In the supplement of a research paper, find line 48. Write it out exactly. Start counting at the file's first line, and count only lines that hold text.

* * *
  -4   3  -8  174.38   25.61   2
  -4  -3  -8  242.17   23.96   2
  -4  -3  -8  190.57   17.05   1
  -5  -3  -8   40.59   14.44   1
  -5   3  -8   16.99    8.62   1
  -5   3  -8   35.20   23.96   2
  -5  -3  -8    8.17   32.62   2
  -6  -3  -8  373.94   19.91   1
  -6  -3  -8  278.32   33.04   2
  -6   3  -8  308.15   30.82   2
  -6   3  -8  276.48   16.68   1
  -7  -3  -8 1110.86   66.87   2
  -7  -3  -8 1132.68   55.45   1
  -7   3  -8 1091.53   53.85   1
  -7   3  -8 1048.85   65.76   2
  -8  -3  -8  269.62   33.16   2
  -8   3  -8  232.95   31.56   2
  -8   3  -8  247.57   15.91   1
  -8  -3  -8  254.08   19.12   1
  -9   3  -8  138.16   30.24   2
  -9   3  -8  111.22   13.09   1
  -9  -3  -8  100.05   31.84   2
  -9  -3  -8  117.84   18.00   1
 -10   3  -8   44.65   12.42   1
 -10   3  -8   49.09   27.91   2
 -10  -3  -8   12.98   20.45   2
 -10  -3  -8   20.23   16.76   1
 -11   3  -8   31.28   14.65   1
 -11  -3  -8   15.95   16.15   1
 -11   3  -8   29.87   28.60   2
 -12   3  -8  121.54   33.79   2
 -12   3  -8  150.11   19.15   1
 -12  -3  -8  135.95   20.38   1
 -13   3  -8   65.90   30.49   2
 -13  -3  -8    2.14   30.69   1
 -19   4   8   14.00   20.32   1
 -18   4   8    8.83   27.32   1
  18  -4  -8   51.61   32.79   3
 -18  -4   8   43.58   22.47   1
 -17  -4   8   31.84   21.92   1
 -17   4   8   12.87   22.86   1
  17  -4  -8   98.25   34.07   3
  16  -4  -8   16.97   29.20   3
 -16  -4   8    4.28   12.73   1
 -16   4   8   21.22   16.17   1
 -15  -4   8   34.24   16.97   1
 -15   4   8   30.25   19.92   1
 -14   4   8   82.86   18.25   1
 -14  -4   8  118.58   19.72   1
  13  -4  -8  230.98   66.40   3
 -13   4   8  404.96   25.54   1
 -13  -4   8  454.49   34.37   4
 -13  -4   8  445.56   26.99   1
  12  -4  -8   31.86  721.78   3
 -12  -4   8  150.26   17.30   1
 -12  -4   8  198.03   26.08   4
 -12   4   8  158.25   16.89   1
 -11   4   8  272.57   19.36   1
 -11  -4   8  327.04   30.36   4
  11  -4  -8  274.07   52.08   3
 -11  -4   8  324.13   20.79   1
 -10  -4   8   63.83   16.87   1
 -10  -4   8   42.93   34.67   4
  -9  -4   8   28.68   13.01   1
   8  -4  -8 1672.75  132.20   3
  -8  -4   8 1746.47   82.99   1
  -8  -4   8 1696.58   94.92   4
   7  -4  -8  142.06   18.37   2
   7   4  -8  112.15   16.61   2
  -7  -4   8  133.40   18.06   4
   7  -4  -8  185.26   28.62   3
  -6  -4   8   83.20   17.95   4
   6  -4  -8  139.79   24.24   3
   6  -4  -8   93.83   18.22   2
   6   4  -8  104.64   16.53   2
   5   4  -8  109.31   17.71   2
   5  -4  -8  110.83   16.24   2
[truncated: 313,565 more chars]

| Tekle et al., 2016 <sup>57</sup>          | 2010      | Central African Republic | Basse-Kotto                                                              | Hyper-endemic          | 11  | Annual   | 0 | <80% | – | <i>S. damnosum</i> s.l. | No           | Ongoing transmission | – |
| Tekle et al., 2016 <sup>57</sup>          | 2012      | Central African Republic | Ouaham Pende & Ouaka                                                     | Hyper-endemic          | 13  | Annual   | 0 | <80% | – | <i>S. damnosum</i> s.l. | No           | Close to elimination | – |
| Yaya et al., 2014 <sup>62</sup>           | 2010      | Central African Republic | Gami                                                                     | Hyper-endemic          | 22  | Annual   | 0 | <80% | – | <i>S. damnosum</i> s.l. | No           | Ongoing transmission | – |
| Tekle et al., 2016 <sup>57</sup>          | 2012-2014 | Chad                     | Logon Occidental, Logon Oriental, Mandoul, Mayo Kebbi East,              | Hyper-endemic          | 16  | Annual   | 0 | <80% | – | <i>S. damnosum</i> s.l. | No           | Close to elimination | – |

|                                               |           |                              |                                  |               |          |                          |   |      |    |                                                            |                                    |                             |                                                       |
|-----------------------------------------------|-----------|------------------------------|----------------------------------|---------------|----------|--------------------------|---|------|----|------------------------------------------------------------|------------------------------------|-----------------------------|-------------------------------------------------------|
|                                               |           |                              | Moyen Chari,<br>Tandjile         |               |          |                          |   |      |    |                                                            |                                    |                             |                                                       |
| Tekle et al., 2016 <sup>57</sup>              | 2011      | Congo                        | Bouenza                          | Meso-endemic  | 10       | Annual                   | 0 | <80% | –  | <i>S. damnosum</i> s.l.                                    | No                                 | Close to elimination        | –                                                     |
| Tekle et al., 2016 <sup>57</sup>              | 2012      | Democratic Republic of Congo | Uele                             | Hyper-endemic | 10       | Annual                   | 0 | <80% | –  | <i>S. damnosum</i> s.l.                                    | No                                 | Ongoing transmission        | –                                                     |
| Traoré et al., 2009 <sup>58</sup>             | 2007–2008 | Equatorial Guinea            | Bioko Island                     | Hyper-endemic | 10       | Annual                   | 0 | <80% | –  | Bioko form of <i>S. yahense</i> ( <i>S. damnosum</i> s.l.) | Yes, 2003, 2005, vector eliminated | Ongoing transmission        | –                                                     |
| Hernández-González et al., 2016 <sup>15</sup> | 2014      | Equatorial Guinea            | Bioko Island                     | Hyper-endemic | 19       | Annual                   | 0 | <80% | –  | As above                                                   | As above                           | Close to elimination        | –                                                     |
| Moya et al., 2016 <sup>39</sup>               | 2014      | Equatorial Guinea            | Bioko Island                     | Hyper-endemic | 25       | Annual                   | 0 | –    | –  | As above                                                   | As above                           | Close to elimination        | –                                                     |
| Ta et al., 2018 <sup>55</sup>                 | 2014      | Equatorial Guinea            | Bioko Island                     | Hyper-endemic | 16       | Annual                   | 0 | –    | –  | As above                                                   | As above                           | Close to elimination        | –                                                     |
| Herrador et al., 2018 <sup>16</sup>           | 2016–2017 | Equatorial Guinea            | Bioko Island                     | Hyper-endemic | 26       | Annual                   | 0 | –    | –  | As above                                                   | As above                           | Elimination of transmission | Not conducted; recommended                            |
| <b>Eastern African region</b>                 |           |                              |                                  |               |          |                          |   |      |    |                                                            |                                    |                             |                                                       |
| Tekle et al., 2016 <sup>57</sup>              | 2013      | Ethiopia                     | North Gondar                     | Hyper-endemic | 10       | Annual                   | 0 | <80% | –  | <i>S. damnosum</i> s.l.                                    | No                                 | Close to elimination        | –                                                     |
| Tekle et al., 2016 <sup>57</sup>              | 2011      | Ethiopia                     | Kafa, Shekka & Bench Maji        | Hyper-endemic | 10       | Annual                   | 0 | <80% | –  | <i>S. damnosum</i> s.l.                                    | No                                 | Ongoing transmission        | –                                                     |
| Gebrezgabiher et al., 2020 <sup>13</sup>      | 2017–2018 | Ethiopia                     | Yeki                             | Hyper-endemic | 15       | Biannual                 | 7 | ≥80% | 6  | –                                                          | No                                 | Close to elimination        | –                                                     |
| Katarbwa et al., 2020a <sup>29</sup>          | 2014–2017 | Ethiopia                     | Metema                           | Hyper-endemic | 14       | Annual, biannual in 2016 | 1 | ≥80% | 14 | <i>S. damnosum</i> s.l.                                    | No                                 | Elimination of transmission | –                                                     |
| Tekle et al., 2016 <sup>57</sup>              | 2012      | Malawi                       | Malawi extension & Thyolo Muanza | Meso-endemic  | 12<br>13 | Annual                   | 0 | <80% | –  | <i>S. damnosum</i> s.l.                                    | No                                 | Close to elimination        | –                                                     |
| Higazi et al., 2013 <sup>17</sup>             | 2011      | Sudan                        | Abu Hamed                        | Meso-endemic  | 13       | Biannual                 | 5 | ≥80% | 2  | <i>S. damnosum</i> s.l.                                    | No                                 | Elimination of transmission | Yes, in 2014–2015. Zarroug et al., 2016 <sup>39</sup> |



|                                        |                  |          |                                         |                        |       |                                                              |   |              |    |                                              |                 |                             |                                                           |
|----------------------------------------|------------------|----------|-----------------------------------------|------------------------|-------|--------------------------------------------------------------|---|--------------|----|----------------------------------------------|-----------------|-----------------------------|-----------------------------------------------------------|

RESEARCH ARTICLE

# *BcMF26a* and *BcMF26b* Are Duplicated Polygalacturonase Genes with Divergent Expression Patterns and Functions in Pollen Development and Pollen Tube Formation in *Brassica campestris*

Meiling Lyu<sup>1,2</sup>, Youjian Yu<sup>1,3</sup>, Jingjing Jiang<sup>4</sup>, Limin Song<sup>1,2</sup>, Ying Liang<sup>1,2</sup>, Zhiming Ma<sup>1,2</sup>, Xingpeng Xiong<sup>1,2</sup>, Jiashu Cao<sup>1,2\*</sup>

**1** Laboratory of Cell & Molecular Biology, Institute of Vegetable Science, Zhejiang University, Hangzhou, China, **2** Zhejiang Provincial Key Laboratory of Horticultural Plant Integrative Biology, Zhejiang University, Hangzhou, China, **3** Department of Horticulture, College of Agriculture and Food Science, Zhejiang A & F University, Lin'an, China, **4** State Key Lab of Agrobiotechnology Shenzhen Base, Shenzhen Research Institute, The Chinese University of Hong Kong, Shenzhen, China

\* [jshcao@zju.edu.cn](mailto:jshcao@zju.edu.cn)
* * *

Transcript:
 -14   4   8   82.86   18.25   1